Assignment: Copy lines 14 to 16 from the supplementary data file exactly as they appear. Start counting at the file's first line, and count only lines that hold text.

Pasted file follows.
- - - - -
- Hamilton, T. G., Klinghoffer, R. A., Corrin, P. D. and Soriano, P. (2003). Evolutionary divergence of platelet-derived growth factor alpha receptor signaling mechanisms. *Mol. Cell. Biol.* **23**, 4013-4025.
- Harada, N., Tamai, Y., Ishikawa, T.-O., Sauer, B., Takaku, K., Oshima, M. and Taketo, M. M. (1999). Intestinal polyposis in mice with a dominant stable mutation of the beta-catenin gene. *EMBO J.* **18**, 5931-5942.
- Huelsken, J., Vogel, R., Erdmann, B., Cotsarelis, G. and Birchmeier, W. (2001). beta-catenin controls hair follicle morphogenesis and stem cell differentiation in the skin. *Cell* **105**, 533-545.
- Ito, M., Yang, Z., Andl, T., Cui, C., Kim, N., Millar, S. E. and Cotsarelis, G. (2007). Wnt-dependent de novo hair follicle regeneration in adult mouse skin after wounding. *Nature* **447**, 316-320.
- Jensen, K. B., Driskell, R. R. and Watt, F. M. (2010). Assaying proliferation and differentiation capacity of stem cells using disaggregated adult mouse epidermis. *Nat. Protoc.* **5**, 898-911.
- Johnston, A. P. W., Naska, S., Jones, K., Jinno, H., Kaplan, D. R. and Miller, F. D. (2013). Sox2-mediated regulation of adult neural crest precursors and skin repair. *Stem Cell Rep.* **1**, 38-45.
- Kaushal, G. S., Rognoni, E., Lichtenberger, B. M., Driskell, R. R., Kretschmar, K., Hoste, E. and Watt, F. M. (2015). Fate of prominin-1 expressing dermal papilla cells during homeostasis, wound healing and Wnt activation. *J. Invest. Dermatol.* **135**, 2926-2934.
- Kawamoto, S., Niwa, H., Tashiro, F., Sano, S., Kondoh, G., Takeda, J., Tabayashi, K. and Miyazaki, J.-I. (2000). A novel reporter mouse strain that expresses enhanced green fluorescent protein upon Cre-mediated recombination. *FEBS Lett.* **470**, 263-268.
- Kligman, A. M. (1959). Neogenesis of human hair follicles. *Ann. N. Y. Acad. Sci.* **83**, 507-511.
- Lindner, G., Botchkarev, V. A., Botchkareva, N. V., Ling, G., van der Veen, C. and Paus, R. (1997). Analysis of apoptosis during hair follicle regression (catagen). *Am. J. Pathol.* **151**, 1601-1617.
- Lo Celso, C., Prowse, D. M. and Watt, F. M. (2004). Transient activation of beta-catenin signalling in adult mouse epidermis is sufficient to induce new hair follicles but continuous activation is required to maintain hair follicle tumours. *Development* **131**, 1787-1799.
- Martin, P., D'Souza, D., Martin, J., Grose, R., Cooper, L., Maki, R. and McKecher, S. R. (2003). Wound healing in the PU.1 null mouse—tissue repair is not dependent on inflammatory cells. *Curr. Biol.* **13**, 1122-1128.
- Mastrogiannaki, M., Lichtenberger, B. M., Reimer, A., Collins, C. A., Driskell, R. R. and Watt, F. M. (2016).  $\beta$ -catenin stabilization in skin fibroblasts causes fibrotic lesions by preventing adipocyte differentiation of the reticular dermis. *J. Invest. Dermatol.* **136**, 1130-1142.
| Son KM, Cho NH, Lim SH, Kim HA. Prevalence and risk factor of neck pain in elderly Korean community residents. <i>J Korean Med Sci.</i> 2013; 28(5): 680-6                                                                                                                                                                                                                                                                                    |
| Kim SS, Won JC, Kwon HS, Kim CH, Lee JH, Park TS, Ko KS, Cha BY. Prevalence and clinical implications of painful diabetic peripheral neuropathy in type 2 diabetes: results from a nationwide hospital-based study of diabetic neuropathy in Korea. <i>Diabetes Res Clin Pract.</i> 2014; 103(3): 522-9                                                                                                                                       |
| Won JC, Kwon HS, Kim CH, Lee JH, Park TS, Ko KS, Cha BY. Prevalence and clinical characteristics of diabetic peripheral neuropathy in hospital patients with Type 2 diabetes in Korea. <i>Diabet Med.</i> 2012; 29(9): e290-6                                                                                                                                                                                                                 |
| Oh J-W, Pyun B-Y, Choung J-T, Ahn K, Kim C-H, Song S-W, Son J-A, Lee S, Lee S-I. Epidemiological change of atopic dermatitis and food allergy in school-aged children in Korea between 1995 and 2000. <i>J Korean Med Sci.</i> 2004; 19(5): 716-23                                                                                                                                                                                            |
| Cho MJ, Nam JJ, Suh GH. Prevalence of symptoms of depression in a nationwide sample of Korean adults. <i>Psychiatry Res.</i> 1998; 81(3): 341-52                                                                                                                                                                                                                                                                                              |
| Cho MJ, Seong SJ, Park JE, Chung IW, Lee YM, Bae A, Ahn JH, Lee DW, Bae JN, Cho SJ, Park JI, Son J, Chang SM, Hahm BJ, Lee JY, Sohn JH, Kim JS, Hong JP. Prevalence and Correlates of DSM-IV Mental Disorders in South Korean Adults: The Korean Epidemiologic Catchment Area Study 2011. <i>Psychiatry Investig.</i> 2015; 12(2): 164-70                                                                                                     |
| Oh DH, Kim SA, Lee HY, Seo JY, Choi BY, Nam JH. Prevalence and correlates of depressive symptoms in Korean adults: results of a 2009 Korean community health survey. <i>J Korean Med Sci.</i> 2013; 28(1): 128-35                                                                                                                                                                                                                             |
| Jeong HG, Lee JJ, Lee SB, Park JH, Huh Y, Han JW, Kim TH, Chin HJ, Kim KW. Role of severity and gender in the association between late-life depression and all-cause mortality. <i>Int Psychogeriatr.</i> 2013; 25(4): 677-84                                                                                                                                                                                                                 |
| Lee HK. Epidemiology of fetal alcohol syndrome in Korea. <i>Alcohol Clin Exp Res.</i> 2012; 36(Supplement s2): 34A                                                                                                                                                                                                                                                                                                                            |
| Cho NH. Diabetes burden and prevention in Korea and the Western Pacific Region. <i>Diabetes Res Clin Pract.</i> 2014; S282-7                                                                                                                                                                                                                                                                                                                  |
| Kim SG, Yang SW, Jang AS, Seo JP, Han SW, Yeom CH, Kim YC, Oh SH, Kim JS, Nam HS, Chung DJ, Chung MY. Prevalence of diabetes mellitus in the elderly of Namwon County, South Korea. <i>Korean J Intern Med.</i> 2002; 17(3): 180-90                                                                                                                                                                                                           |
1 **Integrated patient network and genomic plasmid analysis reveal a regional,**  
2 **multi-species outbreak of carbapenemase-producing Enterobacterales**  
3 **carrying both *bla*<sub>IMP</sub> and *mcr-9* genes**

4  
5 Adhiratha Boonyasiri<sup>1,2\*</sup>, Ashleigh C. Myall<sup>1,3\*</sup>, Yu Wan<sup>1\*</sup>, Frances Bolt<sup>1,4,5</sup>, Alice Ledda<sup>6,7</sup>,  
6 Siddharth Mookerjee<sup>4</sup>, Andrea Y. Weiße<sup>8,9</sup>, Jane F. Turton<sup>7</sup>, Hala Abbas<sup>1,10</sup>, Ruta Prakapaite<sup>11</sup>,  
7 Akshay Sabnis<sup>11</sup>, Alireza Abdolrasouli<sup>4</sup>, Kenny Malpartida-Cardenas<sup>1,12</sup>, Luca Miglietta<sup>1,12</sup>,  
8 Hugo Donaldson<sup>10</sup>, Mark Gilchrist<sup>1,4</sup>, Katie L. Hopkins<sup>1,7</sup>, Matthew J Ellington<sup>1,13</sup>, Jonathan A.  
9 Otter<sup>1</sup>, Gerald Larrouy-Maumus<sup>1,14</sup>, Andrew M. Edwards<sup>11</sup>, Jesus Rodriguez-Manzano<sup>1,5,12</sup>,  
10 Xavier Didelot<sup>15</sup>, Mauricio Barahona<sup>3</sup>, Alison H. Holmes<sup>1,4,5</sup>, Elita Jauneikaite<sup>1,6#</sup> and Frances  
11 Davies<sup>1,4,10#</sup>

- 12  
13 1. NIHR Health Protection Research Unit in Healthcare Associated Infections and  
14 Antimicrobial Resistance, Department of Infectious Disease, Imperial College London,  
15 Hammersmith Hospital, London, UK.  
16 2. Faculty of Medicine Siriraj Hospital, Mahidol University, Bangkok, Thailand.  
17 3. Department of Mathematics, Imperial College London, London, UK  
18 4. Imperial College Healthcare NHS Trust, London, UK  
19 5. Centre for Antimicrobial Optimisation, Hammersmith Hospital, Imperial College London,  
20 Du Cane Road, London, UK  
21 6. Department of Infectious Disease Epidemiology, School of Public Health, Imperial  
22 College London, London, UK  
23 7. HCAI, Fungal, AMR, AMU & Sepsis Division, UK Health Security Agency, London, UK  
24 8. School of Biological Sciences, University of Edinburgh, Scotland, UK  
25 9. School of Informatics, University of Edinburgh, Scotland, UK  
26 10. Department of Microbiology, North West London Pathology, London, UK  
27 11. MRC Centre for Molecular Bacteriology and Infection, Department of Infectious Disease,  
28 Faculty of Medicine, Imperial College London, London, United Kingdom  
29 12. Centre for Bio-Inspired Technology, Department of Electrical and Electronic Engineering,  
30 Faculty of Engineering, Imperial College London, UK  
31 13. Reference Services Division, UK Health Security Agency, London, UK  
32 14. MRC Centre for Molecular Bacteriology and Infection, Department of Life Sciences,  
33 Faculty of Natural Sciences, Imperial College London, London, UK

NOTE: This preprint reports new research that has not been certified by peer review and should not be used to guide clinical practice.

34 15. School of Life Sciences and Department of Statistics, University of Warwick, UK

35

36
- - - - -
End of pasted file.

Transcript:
| Son KM, Cho NH, Lim SH, Kim HA. Prevalence and risk factor of neck pain in elderly Korean community residents. <i>J Korean Med Sci.</i> 2013; 28(5): 680-6                                                                                                                                                                                                                                                                                    |
| Kim SS, Won JC, Kwon HS, Kim CH, Lee JH, Park TS, Ko KS, Cha BY. Prevalence and clinical implications of painful diabetic peripheral neuropathy in type 2 diabetes: results from a nationwide hospital-based study of diabetic neuropathy in Korea. <i>Diabetes Res Clin Pract.</i> 2014; 103(3): 522-9                                                                                                                                       |
| Won JC, Kwon HS, Kim CH, Lee JH, Park TS, Ko KS, Cha BY. Prevalence and clinical characteristics of diabetic peripheral neuropathy in hospital patients with Type 2 diabetes in Korea. <i>Diabet Med.</i> 2012; 29(9): e290-6                                                                                                                                                                                                                 |